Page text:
Lubbock senator Charles Perry discusses border security proposal
A pair of border security proposals passed the senate, here is what they entail
LUBBOCK, Texas (KCBD) - Each of the last three fiscal years, the U.S. Customs and Border Protection reported a record number of encounters at the southern border of the United States.
In fiscal year 2021, there were more than 1.7 million apprehensions, according to U.S. CBP data. In 2022 there were more than 2.3 million apprehensions, then more than 2.4 million apprehensions in fiscal year 2023.
On Thursday, the Texas Senate passed two border security proposals. Lubbock State Senator Charles Perry wrote one of these measures, which are raising flags with other lawmakers.
“One of my good Democrat senators said the other day, a country that loses sovereignty over its borders will not survive long, and I’m afraid he may be right,” Perry said.
Perry says he voted to pass two border security bills because of a growing public safety concern at the border.
“We’ve done everything I think we can to get as close to overreaching into the federal area, we stayed out of it as best we can to where we will achieve the goal of public safety and deterrence,” Perry said.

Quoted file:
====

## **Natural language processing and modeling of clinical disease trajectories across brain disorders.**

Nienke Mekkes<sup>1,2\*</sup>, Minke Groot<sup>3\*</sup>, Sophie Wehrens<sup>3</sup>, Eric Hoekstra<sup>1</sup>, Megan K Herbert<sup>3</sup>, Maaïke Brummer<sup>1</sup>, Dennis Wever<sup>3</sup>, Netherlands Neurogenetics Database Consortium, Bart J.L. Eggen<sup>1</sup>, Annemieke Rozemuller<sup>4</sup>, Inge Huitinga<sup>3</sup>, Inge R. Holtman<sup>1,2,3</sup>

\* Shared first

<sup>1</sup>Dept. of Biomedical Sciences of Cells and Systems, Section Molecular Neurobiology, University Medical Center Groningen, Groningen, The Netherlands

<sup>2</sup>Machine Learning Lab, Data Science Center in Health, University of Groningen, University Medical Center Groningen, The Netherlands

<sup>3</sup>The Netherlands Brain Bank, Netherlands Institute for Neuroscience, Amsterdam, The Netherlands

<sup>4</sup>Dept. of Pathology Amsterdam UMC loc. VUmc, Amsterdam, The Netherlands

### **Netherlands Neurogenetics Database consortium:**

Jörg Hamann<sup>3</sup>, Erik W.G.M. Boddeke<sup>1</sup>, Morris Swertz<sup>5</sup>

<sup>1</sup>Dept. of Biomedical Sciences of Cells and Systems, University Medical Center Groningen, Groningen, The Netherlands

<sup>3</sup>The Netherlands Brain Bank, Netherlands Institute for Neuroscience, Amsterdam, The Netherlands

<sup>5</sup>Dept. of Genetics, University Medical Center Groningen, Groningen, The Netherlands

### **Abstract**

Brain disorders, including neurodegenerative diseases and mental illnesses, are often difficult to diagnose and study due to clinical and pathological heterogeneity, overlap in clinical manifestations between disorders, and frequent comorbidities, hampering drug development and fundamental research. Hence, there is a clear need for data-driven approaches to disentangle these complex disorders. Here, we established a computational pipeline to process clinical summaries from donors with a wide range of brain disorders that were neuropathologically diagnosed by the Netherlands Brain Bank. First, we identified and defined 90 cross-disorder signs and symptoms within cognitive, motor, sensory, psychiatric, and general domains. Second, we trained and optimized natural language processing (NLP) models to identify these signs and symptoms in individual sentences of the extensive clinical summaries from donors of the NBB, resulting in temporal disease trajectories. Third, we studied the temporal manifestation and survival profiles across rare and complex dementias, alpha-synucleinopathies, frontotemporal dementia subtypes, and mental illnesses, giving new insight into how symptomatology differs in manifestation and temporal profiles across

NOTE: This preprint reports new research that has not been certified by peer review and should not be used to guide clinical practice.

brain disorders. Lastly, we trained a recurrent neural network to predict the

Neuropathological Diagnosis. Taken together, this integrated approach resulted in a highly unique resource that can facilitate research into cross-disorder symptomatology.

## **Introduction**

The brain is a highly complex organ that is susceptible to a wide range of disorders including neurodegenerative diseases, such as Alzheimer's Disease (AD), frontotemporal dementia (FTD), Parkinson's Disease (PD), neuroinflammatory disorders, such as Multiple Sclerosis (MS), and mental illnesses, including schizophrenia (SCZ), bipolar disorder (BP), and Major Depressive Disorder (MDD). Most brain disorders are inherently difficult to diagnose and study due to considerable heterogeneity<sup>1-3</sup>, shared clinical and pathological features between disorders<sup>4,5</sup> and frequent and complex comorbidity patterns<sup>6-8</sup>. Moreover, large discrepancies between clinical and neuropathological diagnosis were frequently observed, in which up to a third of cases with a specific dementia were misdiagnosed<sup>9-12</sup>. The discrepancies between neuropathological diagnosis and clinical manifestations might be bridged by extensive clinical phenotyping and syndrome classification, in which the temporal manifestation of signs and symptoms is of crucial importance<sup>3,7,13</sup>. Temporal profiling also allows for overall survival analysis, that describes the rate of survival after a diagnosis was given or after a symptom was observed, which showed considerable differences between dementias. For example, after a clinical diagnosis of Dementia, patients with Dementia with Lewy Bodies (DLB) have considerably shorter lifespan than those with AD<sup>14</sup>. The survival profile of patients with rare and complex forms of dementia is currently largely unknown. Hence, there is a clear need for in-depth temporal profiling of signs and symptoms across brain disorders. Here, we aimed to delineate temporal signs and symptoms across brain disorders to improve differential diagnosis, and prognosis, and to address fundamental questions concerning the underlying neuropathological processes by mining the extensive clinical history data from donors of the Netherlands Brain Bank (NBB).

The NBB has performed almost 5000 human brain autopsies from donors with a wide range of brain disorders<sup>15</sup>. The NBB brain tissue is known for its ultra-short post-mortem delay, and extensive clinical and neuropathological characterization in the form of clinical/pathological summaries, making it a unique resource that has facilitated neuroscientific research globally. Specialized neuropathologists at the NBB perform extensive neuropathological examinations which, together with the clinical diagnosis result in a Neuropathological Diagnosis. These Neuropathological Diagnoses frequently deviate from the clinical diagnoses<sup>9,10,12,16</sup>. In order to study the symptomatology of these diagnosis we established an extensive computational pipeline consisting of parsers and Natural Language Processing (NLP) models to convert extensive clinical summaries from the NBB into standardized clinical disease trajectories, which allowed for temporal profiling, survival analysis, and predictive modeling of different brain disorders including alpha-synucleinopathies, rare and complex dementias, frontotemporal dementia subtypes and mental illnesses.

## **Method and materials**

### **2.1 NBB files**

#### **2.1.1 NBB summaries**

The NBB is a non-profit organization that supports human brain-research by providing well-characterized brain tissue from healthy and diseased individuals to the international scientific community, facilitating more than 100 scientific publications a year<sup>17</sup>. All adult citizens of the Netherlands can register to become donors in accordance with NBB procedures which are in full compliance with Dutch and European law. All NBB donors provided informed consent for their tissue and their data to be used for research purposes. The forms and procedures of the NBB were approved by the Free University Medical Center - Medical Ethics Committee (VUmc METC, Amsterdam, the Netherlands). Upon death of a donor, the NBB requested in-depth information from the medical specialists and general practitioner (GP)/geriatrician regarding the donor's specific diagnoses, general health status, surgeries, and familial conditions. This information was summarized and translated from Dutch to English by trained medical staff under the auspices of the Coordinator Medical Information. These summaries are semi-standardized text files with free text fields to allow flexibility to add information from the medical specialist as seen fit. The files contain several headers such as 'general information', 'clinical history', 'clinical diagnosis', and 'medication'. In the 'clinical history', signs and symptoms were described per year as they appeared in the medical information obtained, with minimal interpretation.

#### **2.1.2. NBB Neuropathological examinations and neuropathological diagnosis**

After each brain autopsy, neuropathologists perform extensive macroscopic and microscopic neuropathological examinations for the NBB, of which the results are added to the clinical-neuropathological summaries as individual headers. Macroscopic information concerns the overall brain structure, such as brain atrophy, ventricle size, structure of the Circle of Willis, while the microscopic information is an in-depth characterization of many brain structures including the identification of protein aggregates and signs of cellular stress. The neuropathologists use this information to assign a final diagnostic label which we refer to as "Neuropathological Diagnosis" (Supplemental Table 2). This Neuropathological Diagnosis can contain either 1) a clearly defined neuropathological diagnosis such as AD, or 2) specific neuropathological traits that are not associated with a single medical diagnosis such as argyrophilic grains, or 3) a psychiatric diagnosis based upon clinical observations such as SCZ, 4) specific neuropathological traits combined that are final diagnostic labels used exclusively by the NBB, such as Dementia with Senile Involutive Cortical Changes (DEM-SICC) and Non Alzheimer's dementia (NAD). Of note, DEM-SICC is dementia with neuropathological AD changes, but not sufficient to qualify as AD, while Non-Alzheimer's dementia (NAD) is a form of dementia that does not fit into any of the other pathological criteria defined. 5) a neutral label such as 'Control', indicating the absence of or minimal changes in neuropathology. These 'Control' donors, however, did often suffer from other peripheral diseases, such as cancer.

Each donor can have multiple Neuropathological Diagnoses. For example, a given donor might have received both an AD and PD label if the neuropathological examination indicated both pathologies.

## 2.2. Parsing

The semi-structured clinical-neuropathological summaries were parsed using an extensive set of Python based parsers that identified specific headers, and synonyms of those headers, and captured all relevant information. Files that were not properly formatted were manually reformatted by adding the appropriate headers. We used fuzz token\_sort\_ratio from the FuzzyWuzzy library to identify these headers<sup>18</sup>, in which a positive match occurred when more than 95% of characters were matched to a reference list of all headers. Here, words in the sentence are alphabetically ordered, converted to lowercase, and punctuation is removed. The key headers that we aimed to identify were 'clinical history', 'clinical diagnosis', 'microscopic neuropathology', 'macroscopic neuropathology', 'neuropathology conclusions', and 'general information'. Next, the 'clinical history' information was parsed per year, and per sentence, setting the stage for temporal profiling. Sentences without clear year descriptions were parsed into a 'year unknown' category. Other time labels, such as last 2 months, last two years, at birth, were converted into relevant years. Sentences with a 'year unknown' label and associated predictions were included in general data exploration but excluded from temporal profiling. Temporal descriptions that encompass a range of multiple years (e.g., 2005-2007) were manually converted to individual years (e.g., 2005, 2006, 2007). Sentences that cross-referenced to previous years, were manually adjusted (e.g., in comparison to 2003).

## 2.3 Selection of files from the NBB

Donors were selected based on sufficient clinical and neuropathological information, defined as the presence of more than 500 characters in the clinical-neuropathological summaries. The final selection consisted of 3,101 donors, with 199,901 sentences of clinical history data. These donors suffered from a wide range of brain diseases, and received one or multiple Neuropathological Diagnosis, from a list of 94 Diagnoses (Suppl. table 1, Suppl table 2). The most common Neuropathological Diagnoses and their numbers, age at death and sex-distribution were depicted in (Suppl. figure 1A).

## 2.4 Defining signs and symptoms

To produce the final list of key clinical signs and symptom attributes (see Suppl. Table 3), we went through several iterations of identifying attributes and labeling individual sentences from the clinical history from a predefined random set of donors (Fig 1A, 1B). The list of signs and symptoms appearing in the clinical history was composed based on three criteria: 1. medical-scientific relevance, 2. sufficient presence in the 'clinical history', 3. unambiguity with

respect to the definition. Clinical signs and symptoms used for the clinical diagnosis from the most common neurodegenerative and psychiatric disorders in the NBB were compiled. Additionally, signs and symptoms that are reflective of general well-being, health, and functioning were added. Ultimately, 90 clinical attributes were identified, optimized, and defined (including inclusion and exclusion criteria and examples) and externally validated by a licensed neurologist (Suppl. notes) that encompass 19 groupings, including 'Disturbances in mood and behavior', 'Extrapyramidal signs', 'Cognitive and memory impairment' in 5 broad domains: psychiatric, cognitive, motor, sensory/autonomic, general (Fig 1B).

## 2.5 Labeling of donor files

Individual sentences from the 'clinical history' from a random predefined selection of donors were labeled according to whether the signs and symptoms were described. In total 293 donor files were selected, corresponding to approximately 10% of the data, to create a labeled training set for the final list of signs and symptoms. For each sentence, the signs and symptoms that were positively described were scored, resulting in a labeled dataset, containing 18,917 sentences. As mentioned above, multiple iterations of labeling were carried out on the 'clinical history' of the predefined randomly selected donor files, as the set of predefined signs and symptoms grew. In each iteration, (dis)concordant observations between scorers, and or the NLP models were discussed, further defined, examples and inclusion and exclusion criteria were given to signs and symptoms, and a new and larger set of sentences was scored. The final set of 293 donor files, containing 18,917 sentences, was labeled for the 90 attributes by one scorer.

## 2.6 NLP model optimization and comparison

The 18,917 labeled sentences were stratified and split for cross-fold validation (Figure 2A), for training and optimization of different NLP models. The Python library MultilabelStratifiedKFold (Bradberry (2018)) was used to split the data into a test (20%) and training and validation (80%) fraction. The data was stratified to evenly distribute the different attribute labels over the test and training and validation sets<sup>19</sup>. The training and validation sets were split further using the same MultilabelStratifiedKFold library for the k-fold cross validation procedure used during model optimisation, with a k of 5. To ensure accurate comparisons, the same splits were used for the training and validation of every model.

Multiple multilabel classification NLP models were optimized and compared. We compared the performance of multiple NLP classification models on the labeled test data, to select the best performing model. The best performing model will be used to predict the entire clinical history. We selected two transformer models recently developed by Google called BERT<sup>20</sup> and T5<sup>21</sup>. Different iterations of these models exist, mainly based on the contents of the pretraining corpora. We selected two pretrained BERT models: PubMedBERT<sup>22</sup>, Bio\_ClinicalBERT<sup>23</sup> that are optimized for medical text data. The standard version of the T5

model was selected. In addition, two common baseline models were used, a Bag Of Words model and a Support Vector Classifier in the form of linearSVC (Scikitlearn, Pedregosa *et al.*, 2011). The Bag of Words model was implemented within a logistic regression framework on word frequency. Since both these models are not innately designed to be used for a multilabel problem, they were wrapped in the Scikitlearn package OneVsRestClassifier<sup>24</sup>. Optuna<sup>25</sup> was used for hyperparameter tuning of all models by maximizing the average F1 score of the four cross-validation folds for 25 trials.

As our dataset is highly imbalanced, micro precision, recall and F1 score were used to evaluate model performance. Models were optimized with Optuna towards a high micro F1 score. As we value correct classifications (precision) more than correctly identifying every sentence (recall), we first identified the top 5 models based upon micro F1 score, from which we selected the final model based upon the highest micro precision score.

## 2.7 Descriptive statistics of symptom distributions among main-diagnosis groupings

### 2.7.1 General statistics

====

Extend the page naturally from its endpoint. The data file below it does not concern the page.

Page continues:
Funding a border wall and cracking down on undocumented immigrants are two of the four priorities for this fourth special session. Senate bill 3 allots one $1.5 billion for law enforcement and new barriers.
“I think Texas has taken a step out there that said we cant just keep the narrative that the feds should be doing this, cause they’ve clearly shown they’re not doing it,” Perry said.
SB4, which Senator Perry is carrying this session, also passed in Thursday night’s session. This bill would make it a state crime to cross the border illegally and allow local law enforcement to arrest and prosecute anyone who crosses, anywhere in Texas. The punishments are up to six months in jail for a first-time offender and two years for a second-time offender.
“Mom and a couple of kids were kind of making the trek, but of the last few years that has changed to more of a coyote, smuggling, cartel, type activity and they’re dangerous,” he said.
Perry said some lawmakers challenged this bill stating that it was unconstitutional and would lead to racial profiling.
“I trust our officers and if we have one that gets out of the box and anecdotally is the guy that creates this narrative, there’s punishment in place for that so its not a ‘show me your papers’ bill,” Perry said.
Perry said he expects the courts to test the constitutionality of the bill, and that’s a conversation he hopes to have.
“To date we have not been able to engage the feds or Supreme Court level on this issue as to why isn’t the fed doing its job,” Perry said.
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